How many DC villains can say they’ve been around since the Golden Age? Sure you have your iconic stalwarts in Lex Luthor and the Joker and I’ll even throw the Cheetah into that category, but those were the arch villains of some VERY popular superheroes.
How many villains can say that since World War II, they have been a threat to not just a single hero but to the entire DC Universe? Well, Vandal Savage is such a villain, an immortal madman who has been tormenting DC’s greatest heroes since the days that American troops were fighting the Second Great War.
Vandal Savage was created by Alfred Bester and Martin Nodell in Green Lantern #10 (1944) and, and since that battle with Alan Scott, the Golden Age Green Lantern, Savage has returned again and again, becoming one of the most resilient villains in the DCU. It was in these pages that readers were introduced to a caveman named Vandar Adg who was exposed to a radioactive meteor that gifted the murderous cromag with immortal life. That fateful meteor also cursed humanity with the eternal cancer that is Vandal Savage, who, according to legend, is the first cannibal human in history.
In every age since, Vandal Savage has been there to plague the entire heroic pantheon of the DC Universe. In fact, legend has it that it was Vandal Savage who actually sailed the seas as Blackbeard, conquered Europe as Napoleon Bonaparte, did weird late night Cinemax things as Caligula, terrorized the streets of London as Jack the Ripper, and committed the heinous acts of so many other dire historical figures at different points in his immortal existence. Vandal Savage doesn’t have to take a bath like Ra’s Al Ghul (do you want your bubbles and ducky Mr. Demon’s head, sir?).
No, Savage is just forever.
Now, Savage is about to make his live action debut on The Flash and Arrow and will soon be the antagonist in, DC’s Legends of Tomorrow TV series. So, let us take a look back to the immortal criminal career of history’s first master villain. Let us take you down a journey through each era of DC comics and find some of Savage’s most notorious appearances from each great age. And be thankful that the DC Universe has always had heroes to keep Vandal Savage’s timeless evil in check.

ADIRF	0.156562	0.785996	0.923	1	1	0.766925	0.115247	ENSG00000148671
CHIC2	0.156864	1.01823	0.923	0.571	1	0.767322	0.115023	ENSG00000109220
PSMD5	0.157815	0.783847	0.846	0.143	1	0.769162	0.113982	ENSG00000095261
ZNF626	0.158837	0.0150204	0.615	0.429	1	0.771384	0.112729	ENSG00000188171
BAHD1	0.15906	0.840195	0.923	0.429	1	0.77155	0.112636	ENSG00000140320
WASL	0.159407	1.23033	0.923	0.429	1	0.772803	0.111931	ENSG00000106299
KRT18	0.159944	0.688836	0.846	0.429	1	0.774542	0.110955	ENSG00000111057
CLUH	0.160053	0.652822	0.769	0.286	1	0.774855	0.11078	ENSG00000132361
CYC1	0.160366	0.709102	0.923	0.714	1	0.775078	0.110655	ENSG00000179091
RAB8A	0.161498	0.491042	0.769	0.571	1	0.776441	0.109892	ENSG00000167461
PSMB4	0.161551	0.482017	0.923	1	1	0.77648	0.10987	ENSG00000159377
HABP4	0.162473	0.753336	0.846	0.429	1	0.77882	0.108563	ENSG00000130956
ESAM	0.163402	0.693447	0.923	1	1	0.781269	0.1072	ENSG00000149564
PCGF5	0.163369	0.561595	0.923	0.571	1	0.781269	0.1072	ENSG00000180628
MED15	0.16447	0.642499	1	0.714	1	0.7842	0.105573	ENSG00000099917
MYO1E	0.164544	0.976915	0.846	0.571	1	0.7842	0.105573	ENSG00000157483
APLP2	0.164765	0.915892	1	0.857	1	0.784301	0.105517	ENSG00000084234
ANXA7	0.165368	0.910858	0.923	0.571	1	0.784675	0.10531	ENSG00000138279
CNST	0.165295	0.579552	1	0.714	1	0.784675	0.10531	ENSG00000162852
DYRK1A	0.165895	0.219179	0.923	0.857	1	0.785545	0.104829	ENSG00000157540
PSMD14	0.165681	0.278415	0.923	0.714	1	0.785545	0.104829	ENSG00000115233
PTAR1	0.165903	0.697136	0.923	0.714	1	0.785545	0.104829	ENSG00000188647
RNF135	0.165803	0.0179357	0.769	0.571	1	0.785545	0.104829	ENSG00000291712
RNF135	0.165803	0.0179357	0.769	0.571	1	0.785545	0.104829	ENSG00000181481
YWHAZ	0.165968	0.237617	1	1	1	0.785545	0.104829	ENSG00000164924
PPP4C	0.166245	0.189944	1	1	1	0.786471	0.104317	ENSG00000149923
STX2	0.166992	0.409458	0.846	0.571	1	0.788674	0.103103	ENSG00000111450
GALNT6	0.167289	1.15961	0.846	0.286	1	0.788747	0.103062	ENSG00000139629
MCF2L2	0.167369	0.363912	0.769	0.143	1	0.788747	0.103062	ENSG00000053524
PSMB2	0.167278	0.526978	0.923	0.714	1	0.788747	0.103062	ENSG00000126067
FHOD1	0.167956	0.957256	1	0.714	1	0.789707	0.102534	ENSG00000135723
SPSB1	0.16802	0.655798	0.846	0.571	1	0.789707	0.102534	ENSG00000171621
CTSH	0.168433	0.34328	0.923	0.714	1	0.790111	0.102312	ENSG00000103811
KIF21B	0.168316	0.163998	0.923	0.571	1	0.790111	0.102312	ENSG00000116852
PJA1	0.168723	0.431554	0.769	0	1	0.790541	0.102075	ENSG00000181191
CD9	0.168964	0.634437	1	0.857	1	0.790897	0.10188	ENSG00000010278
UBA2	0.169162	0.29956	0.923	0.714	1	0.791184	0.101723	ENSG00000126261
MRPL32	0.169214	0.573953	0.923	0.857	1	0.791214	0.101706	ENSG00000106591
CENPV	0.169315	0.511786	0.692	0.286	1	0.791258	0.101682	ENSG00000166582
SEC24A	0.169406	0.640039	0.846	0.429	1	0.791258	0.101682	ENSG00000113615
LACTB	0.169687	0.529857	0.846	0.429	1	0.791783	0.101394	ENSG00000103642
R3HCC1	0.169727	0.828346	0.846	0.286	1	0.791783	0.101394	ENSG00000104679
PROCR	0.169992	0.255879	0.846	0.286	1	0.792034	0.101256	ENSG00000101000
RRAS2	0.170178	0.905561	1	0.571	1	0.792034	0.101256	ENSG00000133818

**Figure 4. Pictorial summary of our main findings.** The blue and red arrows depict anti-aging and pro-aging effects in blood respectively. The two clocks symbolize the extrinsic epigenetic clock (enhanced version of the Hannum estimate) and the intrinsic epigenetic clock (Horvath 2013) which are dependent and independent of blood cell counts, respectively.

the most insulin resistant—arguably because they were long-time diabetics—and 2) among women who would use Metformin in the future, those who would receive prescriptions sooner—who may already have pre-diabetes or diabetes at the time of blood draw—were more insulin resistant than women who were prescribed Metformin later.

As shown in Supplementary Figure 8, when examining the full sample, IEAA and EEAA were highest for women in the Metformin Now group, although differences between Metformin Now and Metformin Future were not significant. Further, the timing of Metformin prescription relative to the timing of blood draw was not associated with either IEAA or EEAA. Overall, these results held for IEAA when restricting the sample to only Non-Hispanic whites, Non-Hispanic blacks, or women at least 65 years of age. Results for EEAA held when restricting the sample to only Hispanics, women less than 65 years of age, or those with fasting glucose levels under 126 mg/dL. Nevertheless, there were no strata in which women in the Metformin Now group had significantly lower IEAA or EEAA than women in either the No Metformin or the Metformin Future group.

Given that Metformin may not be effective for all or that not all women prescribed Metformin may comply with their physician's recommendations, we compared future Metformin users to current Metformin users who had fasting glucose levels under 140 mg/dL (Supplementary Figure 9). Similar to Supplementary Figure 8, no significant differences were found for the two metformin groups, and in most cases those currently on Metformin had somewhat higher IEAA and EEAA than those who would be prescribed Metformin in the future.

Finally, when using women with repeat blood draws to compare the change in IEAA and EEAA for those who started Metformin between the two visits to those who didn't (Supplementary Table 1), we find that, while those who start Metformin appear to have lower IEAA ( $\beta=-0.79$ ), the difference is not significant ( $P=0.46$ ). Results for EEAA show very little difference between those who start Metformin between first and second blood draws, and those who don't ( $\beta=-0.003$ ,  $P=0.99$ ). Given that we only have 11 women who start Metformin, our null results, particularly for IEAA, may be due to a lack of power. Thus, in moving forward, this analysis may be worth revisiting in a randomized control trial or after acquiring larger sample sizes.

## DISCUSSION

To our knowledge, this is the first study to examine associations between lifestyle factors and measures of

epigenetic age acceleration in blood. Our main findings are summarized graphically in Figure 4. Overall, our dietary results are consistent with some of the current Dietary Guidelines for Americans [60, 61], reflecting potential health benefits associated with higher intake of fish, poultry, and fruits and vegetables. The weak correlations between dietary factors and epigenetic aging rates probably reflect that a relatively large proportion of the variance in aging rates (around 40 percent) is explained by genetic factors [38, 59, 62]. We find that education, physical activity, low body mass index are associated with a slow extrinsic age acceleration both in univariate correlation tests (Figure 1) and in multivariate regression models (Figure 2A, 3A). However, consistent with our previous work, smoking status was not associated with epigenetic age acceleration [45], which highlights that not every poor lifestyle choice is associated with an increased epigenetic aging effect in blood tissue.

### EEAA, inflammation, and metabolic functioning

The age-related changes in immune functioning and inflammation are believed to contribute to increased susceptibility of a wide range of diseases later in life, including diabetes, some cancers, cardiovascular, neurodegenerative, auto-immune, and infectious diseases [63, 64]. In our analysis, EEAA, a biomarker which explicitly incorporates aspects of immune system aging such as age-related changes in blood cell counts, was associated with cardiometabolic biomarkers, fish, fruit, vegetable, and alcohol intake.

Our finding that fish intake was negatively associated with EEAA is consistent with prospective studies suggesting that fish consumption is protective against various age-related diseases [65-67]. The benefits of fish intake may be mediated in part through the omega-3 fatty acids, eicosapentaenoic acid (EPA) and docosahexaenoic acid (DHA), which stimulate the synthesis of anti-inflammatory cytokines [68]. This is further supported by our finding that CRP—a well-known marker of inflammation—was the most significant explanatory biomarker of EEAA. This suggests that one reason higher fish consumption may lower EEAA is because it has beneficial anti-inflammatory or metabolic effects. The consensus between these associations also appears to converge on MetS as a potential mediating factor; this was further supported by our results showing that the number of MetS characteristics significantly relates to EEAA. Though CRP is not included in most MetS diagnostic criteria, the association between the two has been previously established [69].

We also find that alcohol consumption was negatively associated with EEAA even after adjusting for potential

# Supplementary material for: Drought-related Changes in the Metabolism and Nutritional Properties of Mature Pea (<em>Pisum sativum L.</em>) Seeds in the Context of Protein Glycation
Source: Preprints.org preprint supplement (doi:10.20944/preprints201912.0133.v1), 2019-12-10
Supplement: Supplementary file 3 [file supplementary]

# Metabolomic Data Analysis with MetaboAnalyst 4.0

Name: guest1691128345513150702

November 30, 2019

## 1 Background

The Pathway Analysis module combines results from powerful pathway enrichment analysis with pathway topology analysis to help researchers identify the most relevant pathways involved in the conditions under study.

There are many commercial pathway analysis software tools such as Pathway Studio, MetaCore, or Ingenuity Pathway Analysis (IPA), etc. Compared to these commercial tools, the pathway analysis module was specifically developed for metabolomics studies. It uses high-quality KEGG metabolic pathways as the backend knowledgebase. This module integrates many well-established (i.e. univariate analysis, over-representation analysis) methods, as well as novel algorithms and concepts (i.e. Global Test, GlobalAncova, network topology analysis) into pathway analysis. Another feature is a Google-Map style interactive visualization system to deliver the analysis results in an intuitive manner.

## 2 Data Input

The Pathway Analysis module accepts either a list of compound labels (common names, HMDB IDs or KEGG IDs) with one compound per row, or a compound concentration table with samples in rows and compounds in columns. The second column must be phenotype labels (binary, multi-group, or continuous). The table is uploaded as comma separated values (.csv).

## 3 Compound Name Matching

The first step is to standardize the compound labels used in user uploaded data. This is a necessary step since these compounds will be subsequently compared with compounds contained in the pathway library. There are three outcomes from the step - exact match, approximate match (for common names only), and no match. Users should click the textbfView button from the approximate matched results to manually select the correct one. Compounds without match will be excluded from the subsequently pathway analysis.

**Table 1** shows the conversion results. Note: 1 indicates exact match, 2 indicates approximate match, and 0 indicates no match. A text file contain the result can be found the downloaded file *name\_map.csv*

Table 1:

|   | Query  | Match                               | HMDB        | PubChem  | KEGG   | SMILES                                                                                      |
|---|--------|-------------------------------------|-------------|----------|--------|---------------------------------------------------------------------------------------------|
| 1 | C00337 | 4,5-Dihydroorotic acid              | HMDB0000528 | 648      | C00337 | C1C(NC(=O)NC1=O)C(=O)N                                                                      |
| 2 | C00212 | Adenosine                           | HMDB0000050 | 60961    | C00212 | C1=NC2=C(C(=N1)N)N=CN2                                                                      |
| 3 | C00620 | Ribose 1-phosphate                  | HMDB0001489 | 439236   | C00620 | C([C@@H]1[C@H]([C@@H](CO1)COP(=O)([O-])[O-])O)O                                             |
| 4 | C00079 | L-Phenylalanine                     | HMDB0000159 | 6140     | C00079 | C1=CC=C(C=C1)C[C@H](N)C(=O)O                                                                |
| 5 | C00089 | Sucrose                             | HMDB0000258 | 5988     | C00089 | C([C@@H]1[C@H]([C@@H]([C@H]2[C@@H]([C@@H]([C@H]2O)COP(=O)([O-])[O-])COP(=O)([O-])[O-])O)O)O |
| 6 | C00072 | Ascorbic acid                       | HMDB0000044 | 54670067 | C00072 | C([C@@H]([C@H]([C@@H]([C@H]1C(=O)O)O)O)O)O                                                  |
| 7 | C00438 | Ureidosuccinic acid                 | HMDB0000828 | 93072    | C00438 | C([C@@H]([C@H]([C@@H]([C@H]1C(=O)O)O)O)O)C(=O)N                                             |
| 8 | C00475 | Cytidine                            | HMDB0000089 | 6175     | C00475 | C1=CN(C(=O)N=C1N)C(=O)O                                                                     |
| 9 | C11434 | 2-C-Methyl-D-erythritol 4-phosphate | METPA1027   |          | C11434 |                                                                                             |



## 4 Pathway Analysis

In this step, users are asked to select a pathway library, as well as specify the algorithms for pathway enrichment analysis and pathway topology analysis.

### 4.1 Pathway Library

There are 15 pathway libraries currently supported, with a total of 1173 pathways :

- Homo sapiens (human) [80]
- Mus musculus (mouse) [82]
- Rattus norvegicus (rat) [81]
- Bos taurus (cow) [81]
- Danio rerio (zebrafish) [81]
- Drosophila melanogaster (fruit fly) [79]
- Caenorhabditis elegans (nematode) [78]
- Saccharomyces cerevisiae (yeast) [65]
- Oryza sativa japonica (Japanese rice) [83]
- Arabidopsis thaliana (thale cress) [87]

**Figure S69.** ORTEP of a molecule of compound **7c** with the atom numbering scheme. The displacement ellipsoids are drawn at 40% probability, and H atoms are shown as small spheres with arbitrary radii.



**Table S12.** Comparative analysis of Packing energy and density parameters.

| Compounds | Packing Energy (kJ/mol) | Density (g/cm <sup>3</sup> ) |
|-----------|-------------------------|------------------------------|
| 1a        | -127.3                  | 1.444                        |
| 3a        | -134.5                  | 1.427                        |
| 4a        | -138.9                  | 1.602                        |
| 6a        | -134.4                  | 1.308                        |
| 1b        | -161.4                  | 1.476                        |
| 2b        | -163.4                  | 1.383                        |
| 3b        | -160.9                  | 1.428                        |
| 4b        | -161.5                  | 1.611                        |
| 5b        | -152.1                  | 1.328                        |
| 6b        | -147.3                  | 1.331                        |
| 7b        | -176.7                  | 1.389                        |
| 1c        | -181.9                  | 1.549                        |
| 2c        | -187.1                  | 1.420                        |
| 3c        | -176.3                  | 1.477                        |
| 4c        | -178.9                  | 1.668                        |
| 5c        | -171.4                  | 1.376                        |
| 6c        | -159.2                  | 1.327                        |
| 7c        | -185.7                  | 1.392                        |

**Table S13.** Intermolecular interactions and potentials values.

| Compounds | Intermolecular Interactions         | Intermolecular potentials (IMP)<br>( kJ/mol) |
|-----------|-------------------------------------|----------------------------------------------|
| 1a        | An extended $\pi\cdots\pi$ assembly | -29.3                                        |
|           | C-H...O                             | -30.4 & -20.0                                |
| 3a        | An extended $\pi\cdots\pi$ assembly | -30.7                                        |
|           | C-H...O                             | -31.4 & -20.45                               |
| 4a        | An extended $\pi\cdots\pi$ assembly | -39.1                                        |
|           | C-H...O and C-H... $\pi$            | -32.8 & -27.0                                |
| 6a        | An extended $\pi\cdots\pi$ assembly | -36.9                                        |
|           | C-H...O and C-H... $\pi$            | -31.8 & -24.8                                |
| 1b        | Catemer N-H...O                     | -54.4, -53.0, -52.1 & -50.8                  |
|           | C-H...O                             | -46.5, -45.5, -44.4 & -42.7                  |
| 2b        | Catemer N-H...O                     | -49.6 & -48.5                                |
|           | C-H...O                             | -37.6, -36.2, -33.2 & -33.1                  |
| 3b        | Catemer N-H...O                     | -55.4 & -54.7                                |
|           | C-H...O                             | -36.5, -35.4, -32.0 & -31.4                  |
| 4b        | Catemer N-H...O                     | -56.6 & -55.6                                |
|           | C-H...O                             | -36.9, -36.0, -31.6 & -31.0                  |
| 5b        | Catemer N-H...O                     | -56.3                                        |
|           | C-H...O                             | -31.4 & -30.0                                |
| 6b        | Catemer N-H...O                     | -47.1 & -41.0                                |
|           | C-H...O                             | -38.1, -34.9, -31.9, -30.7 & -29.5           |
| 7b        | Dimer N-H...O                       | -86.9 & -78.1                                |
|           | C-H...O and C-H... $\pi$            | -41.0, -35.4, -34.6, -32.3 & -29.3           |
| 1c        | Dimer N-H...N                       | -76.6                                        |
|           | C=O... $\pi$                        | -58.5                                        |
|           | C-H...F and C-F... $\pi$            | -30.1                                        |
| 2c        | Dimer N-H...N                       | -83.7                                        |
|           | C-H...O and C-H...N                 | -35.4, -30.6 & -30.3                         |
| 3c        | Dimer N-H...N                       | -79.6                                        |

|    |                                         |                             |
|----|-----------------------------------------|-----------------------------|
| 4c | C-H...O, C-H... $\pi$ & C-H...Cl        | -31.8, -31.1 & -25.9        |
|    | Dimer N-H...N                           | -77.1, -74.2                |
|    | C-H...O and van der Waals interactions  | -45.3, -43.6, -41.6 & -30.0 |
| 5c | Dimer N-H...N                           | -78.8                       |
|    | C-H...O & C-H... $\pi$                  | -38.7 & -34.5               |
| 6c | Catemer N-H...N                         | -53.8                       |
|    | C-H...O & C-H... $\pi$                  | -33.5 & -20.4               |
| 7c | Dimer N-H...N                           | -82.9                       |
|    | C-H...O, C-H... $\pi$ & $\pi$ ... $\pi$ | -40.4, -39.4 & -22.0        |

Vandal Savage in the 1940s
All-Star Comics #37 (1947)
by Robert Kanigher, Irwin Hasen, Joe Kubert, Carmine Infantino, and Alex Toth
In the Golden Age of superhero comics, it was pretty rare for a villain to return for a second go around. Yet, that’s exactly what happened with Vandal Savage.
After that first battle with Green Lantern, Savage was chosen by the Wizard to join the Injustice Society of the World, a team of rogues, actually the first team of villains in DC history, made up of the JSA’s individual foes. Over the course of this issue, Vandal Savage fought and defeated Hawkman, ironically apropriate since, in the intervening years between this issue and the modern era, Hawkman has also been established as an immortal.
Vandal Savage in the 1950s